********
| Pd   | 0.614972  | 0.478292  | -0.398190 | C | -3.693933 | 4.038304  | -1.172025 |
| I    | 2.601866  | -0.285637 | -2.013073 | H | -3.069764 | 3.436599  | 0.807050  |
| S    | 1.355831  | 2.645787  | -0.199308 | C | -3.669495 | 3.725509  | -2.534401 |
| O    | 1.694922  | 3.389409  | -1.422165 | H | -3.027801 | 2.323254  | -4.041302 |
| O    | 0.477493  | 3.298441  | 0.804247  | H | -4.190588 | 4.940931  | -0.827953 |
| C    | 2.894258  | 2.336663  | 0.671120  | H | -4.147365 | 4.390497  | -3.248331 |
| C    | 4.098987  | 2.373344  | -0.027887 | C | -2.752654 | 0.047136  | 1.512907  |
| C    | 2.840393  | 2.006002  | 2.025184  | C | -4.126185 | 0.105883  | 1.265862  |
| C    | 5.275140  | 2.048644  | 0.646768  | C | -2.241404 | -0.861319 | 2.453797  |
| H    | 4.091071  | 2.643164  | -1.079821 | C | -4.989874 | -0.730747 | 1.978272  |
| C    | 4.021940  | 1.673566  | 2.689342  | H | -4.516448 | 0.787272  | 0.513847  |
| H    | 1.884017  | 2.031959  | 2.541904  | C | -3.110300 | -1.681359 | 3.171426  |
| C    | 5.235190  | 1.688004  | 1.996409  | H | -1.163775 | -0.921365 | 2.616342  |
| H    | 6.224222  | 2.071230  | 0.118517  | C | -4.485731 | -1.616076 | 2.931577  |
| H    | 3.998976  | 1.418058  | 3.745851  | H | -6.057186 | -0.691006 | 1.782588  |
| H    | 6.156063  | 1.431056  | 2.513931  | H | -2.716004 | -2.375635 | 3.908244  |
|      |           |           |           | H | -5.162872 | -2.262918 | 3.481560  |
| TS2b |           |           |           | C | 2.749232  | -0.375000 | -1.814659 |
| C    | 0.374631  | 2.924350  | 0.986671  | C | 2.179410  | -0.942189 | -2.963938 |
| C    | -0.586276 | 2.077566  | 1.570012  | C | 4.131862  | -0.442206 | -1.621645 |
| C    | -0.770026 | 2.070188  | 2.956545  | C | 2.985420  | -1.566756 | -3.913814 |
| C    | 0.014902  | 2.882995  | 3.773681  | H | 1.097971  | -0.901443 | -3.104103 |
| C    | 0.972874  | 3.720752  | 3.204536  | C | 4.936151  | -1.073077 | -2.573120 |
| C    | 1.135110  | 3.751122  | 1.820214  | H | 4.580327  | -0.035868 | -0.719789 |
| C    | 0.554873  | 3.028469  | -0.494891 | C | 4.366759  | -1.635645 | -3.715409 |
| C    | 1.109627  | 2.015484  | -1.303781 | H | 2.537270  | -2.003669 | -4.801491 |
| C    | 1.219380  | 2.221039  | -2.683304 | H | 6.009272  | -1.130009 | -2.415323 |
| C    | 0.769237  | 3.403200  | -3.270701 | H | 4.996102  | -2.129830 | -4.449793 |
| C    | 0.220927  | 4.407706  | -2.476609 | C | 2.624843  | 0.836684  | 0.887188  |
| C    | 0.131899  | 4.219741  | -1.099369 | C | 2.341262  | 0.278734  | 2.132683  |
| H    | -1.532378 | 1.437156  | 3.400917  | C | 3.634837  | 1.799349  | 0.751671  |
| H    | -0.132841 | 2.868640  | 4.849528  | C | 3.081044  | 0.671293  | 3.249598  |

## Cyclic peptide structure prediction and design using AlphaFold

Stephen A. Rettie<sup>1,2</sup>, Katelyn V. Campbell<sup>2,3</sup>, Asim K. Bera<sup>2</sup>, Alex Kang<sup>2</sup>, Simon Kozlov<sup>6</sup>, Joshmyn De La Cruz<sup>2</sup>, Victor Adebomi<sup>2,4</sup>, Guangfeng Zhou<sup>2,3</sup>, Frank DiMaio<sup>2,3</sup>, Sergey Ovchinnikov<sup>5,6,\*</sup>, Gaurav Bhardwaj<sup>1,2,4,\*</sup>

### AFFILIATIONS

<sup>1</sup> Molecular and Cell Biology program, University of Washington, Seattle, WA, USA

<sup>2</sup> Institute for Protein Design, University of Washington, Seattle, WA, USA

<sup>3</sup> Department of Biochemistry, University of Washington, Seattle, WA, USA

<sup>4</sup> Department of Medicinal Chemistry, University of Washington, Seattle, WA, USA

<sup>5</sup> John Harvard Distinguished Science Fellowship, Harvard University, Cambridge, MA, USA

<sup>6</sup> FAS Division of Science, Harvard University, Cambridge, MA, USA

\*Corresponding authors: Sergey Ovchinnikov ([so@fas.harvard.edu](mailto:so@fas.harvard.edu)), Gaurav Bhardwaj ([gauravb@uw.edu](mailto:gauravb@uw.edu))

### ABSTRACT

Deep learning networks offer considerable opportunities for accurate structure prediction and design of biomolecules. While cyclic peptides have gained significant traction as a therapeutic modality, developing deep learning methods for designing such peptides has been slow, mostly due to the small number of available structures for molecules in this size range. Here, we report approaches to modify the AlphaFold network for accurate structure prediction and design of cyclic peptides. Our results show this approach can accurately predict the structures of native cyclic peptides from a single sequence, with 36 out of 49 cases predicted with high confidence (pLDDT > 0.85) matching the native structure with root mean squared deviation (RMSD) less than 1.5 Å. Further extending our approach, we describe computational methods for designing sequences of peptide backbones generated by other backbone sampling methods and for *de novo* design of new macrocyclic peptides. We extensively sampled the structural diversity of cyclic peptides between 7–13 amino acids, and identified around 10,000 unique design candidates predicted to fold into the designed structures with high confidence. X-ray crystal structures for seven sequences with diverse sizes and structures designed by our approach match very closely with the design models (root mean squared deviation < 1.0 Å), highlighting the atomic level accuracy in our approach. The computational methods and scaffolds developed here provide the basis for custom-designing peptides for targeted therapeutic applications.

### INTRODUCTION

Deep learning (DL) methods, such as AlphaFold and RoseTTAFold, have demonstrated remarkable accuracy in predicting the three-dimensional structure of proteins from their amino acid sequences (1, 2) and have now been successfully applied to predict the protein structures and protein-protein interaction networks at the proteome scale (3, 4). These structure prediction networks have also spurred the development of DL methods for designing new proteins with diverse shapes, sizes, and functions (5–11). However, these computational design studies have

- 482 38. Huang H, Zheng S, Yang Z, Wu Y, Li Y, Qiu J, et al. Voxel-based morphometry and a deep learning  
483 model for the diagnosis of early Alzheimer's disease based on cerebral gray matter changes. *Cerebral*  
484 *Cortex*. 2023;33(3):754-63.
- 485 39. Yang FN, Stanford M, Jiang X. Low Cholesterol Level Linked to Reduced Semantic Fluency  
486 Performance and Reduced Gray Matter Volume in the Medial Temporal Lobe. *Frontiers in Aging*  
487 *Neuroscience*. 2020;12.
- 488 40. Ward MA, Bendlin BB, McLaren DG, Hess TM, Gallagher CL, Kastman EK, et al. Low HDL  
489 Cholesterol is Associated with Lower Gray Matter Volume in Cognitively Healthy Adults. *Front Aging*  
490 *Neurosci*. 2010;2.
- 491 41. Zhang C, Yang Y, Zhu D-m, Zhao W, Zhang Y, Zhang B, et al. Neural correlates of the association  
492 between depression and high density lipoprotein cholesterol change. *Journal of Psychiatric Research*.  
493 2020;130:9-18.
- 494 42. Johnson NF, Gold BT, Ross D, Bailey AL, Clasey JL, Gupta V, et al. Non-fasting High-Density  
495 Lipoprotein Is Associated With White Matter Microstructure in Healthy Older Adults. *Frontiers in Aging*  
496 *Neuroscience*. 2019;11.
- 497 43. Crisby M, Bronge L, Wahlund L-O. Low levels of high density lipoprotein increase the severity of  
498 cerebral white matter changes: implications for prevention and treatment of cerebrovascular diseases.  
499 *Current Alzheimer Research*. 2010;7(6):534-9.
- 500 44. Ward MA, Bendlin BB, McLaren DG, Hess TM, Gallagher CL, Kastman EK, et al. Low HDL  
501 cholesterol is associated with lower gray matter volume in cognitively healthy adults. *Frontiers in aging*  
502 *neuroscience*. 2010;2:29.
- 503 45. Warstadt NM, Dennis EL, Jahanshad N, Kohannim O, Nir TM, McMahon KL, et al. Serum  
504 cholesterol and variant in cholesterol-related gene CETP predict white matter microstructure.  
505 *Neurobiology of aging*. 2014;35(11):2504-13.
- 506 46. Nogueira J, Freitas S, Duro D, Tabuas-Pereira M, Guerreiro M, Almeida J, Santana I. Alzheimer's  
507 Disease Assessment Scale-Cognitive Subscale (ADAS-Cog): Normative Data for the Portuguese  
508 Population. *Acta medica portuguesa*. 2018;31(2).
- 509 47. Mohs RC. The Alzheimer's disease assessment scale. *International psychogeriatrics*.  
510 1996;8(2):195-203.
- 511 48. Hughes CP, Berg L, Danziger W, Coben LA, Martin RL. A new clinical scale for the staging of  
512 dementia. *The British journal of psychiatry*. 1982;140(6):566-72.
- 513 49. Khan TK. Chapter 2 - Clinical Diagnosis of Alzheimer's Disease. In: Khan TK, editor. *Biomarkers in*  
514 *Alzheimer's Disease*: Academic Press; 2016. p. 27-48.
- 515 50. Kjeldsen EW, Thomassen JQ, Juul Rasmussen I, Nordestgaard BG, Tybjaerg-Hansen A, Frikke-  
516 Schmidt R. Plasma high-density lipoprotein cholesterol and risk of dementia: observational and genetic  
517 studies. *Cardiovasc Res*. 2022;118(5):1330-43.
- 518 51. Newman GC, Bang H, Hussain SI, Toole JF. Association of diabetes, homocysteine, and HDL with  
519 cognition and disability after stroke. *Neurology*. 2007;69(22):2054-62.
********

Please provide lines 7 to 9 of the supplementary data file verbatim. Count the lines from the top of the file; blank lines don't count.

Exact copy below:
| C    | 4.098987  | 2.373344  | -0.027887 | C | -2.752654 | 0.047136  | 1.512907  |
| C    | 2.840393  | 2.006002  | 2.025184  | C | -4.126185 | 0.105883  | 1.265862  |
| C    | 5.275140  | 2.048644  | 0.646768  | C | -2.241404 | -0.861319 | 2.453797  |